There are exceptions to this propaganda, of course, as seen in neutral titles like Chinese thought (1960). Yet, even that author had to work in the word “philosophy” on the book cover for promotional purposes.

One can often guess from the book titles what ideology the publishers (and/or the authors) are trying to instigate. For example, Cambridge University Press – maybe because it served British imperialism for so long – is the usual offender; its title range includes propaganda like Chinese Philosophy and Virtue Ethics and Consequentialism in Early Chinese Philosophy, and so forth. On the other hand, Harvard University Press is explicitly more tactful in its title choices, for example in The World of Thought in Ancient China (1985) by Benjamin Schwartz.

Most Western universities and those that harbor Western-educated Chinese require their students to write essays, class assignments, and to attend seminars on “Chinese philosophy” as if it was a fact of life that the Hellenic and the Judeo-Christian tradition also applies to the Chinese one.

Many China historians, such as Ji Xianlin, Tu Weiming, Gu Zhengkun and Roger T Ames, persistently warn against misleading biblical and philosophical Western translations of non-Western concepts, but few people outside the profession have heard about their critique. Meanwhile, Western language imperialists pick “Cultural China” into pieces word by word.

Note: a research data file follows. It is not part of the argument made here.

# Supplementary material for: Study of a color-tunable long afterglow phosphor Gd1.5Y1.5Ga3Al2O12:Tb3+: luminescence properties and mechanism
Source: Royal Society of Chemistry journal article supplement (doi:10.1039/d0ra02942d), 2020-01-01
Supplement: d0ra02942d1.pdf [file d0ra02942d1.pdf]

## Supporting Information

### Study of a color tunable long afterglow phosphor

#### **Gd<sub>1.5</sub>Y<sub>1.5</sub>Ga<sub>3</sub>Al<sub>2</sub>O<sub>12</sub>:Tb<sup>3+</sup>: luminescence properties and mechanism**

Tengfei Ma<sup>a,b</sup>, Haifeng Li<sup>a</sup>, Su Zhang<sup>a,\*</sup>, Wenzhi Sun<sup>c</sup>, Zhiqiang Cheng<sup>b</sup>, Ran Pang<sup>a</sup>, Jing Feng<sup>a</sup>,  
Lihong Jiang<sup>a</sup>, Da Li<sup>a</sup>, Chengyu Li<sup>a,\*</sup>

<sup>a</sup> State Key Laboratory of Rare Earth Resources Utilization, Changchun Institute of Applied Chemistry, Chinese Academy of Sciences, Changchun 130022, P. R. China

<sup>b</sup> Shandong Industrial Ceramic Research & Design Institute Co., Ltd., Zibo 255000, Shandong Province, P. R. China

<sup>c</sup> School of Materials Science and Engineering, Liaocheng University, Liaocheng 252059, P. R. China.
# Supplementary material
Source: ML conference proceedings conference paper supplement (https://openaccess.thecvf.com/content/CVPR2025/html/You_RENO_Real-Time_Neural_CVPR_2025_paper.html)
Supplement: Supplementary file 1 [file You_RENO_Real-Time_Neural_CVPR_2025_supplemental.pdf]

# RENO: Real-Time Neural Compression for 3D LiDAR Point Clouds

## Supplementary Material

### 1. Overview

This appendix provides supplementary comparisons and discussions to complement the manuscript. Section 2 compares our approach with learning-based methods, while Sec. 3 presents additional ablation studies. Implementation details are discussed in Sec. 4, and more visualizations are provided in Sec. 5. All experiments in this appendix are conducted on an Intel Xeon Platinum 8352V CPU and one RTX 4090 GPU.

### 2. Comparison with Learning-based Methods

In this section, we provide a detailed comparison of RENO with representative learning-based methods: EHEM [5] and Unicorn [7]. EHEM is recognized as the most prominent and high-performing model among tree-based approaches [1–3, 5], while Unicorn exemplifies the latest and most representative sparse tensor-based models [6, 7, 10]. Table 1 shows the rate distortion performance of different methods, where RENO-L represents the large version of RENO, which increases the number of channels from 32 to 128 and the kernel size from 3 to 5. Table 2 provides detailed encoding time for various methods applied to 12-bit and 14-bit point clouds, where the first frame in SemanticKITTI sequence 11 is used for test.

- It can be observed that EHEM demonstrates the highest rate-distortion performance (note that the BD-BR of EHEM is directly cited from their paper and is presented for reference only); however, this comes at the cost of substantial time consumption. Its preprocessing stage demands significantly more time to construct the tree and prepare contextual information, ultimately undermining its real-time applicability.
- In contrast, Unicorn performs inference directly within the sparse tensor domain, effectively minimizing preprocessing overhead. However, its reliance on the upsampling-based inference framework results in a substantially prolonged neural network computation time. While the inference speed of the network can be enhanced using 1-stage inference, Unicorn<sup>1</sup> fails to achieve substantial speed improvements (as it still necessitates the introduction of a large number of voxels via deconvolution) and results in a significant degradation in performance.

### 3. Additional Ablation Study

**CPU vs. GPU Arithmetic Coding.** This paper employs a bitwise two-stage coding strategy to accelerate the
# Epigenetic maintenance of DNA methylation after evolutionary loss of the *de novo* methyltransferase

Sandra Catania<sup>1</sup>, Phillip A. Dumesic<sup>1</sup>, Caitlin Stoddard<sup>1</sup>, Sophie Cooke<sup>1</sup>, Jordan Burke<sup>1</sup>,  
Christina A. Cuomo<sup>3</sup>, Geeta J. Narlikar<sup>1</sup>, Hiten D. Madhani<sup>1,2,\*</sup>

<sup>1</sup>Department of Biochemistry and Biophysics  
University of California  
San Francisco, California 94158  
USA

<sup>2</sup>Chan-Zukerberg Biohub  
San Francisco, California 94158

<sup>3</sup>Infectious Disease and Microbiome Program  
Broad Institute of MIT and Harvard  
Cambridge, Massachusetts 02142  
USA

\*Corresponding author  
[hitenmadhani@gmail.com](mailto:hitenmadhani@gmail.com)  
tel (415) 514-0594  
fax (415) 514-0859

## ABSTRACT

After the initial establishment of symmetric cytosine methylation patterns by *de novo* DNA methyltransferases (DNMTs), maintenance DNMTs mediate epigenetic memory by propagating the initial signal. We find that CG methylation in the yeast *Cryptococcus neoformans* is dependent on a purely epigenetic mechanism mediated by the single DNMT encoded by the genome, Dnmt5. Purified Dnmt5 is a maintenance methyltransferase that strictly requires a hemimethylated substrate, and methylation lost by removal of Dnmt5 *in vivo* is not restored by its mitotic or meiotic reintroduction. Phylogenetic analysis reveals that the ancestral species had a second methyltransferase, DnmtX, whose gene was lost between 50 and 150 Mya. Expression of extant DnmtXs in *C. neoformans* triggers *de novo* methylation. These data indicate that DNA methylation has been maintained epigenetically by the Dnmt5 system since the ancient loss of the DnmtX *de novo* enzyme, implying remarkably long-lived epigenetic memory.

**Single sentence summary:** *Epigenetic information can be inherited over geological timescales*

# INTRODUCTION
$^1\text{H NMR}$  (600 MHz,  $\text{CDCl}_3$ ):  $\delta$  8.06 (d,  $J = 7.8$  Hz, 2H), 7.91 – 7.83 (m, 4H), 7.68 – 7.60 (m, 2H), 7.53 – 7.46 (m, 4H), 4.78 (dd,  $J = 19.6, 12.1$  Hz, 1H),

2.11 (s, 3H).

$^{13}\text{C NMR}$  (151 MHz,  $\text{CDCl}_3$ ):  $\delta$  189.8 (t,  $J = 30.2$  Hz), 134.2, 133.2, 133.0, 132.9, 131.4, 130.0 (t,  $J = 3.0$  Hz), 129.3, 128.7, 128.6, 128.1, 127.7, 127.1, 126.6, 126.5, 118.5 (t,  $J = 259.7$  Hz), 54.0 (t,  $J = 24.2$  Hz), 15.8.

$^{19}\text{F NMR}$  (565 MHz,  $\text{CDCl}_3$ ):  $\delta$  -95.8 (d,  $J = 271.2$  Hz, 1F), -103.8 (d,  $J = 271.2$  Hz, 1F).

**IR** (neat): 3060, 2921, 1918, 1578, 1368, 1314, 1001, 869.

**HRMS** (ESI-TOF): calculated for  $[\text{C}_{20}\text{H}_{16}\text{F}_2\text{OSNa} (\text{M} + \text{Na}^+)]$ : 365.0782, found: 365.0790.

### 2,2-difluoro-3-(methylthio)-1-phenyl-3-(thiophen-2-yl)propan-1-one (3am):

In these days only those students who are receptive to Western indoctrination may reach a doctoral level, post-doctoral level, lectureship and then, finally, a professorship, by which time they will have become so indoctrinated and subservient, and will have “manufactured” so much propaganda material on “Chinese philosophy” that they cannot possibly blame an omnipotent Big West for having deceived them or forced them to do it. Such a confession would jeopardize their academic careers and vindicate their “good reputations” (as “peer-reviewers” and “cross-quotation careerists”).

There are thousands of Chinese scholars who still fight for Chinese terminologies, but who will not be given a voice in Western mainstream media. Such Chinese are virtually unemployable globally, as they do not conform to Western standard.

Often Chinese scholars involuntarily support the Western onslaught on Chinese terminology and, without giving too much thought to it, enabling the Western hold for power over the history of thought. Peking University’s Department of Philosophy, The Council of Research in Values and Philosophy, in 2007 published its pamphlet “Chinese Philosophical Studies” entitled “Dialogues of Philosophies, Religions and Civilizations in the Era of Globalization”. All those key words in here: philosophy, religion, civilization, globalization are Western concepts and inventions. Chinese concepts are left out of world history.

Thorsten Pattberg is a German linguist and cultural critic from Peking University. He is the author of The East-West dichotomy (2009) and Shengren (2011), and he publishes widely on language imperialism. This article was first published in Asia Times in 2012, July 24th. © 2012 Thorsten Pattberg

Articles by: Dr. Thorsten Pattberg